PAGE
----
I would not last two days in the army.

Get Yourself on the Radio – Amazing Tunes

So, you’re a musician with some recordings and the next step is to try and get people to listen to them. One way is the traditional way of paying Radio Pluggers to send CDs of your work round to the major radio stations and hope that it does something..But there is another way, and I announce with a sense of pride in the fact that they are based in Gateshead in the old home of Century Radio – Amazing Radio. Amazing was on DAB until quite recently, but due to contractual difficulties, they are only available on the net right now.


How’s it Work?

Well, you create an account online at http://www.amazingtunes.com , and you upload your music. Easy as that. All music that is uploaded is considered for Radio Play, so you’ve already done most of the work you need to do. They listen to everything at the label and decide which they want to play on air.


But hang on – I’ve heard that they are the bad guys because they don’t pay PPL like the other radio stations.

Commercial radio stations pay a percentage of their commercial income to the PPL. Amazing doesn’t play adverts and never has, so once it has paid its radio station licence fee, that is it. You can however make money through their online store, by selling your music through them..


They sell the music they play?

Yes – once you upload a song, you can choose to either offer full length streaming for free, or make the track available for purchase on http://www.amazingtunes.com


Ah, so they’ll keep a commission on that?

100% of the proceeds go straight to the artist/label – through a Paypal transaction. Paypal do charge their standard transaction fees, but you can reduce this by signing up for their micro-payments scheme – and Amazing detail how to do this on the site.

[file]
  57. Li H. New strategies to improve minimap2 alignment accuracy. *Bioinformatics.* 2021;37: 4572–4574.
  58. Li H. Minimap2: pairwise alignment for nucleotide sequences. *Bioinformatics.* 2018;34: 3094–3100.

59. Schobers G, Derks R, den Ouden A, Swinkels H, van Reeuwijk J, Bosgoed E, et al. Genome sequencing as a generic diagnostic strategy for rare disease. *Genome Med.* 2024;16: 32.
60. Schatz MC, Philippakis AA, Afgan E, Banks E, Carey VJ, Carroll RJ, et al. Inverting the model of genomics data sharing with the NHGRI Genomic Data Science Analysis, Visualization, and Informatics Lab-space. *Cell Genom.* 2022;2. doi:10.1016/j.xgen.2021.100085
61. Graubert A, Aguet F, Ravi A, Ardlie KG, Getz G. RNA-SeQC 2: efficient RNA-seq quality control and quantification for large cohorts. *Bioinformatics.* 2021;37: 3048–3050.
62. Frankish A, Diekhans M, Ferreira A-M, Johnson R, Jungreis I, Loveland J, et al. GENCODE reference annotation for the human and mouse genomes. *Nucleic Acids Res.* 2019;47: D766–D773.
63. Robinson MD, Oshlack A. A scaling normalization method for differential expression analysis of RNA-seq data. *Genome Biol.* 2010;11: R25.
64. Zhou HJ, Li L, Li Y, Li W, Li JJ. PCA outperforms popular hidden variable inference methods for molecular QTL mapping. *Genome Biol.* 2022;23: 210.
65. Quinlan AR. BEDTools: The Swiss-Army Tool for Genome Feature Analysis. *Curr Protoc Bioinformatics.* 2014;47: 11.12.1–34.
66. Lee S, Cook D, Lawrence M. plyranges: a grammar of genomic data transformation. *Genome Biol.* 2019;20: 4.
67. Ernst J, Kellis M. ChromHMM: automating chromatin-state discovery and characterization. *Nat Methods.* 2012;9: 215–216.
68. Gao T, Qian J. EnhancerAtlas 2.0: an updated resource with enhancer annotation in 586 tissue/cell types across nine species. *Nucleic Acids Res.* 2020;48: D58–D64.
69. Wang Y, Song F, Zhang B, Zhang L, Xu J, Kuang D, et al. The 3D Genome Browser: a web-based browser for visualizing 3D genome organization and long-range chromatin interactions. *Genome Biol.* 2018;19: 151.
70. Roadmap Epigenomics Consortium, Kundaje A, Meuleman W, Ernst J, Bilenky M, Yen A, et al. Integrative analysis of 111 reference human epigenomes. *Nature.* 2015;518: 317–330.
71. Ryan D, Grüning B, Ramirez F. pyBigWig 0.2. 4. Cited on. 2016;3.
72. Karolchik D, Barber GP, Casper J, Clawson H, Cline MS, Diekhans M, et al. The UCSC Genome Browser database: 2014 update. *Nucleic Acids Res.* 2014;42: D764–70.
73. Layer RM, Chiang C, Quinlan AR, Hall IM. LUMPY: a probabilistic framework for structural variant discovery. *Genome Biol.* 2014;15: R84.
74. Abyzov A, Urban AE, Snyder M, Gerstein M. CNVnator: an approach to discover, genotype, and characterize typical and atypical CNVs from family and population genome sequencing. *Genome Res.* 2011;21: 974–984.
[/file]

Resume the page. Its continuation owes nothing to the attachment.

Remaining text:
It all sounds a bit suspicious…so how do Amazing make any money at all – with no advert or sales commissions?

They provide in-store music for retailers (and pay royalties for this. For this you need to have not registered with the PPL. If you are PPL registered, you are still able to upload your music to amazingtunes.com and for it to be considered for radio. If you are not PPL registered, then going down the instore route can provide much needed income.


We’ll be uploading both Tati’s tunes and Chris’s single 18 Years to the site to see if we can get them on-air. We’ll update this blog post with details of any successes or otherwise once we have some feedback! Some bands have gone onto big things since being on Amazing – so we hope we can emulate their success.. If you have any experience with the station or the sites, then please comment below. Share the love for the community and all that. Cheers all.




Tati’s Journey, Part 4: Vlog Attack

On Friday I targeted my most delicious and cherished vloggers, and sent even more emails about B.I.G. Breasts. My thinking here was that if a blog mentions a song, or a website reviews it etc, it still takes a lot of effort for the average, not-bothered internet user to actually find and listen to that song. But in a vlog, the viewer is instantly visually/aurally attacked by whatever said vlogger chooses to throw at them. Sneaky, huh? So here are a few people I emailed:

Righteous Sexy Blonde Face Jenna Marbles

Scottish Guy With Buoyant Hair Looks Like David Tennant

Daily Grace, Probably Drunk

Honey Badger Don’t Give A Whit


Then I got sick and have spent the past two days on the sofa feeling wimpy. On the plus side, I finally finished Cranford. Tess of the D’Urbervilles, meanwhile, is getting really bleak. Lamezzzzz

Tati’s Journey, Part 3: The Grumpus Descends

Today is an off day (I know, if a Thursday is an off day it’s really cliche now). I usually love Thursdays because they’re almost Friday, but you still have time to get your stuff done before the weekend. Thursday is one of the days of the week to which I have assigned a key; Bb major, because it’s chill, but kind of edgy as well. So today I thought it was Wednesday and I got all confused when I realised it wasn’t, and I had a really long nap over my lunch break because I totally went into hibernation mode, and my hair (which is getting stupidly long now because I want to grow it enough to cut it into a bob) resembles a tousled helmet and I smell really musty even though I showered this morning. And I swear I’ve been having Yakult every day this week but I only just had the third in the pack, and I’m pretty sure I had one this morning already anyway. Weird.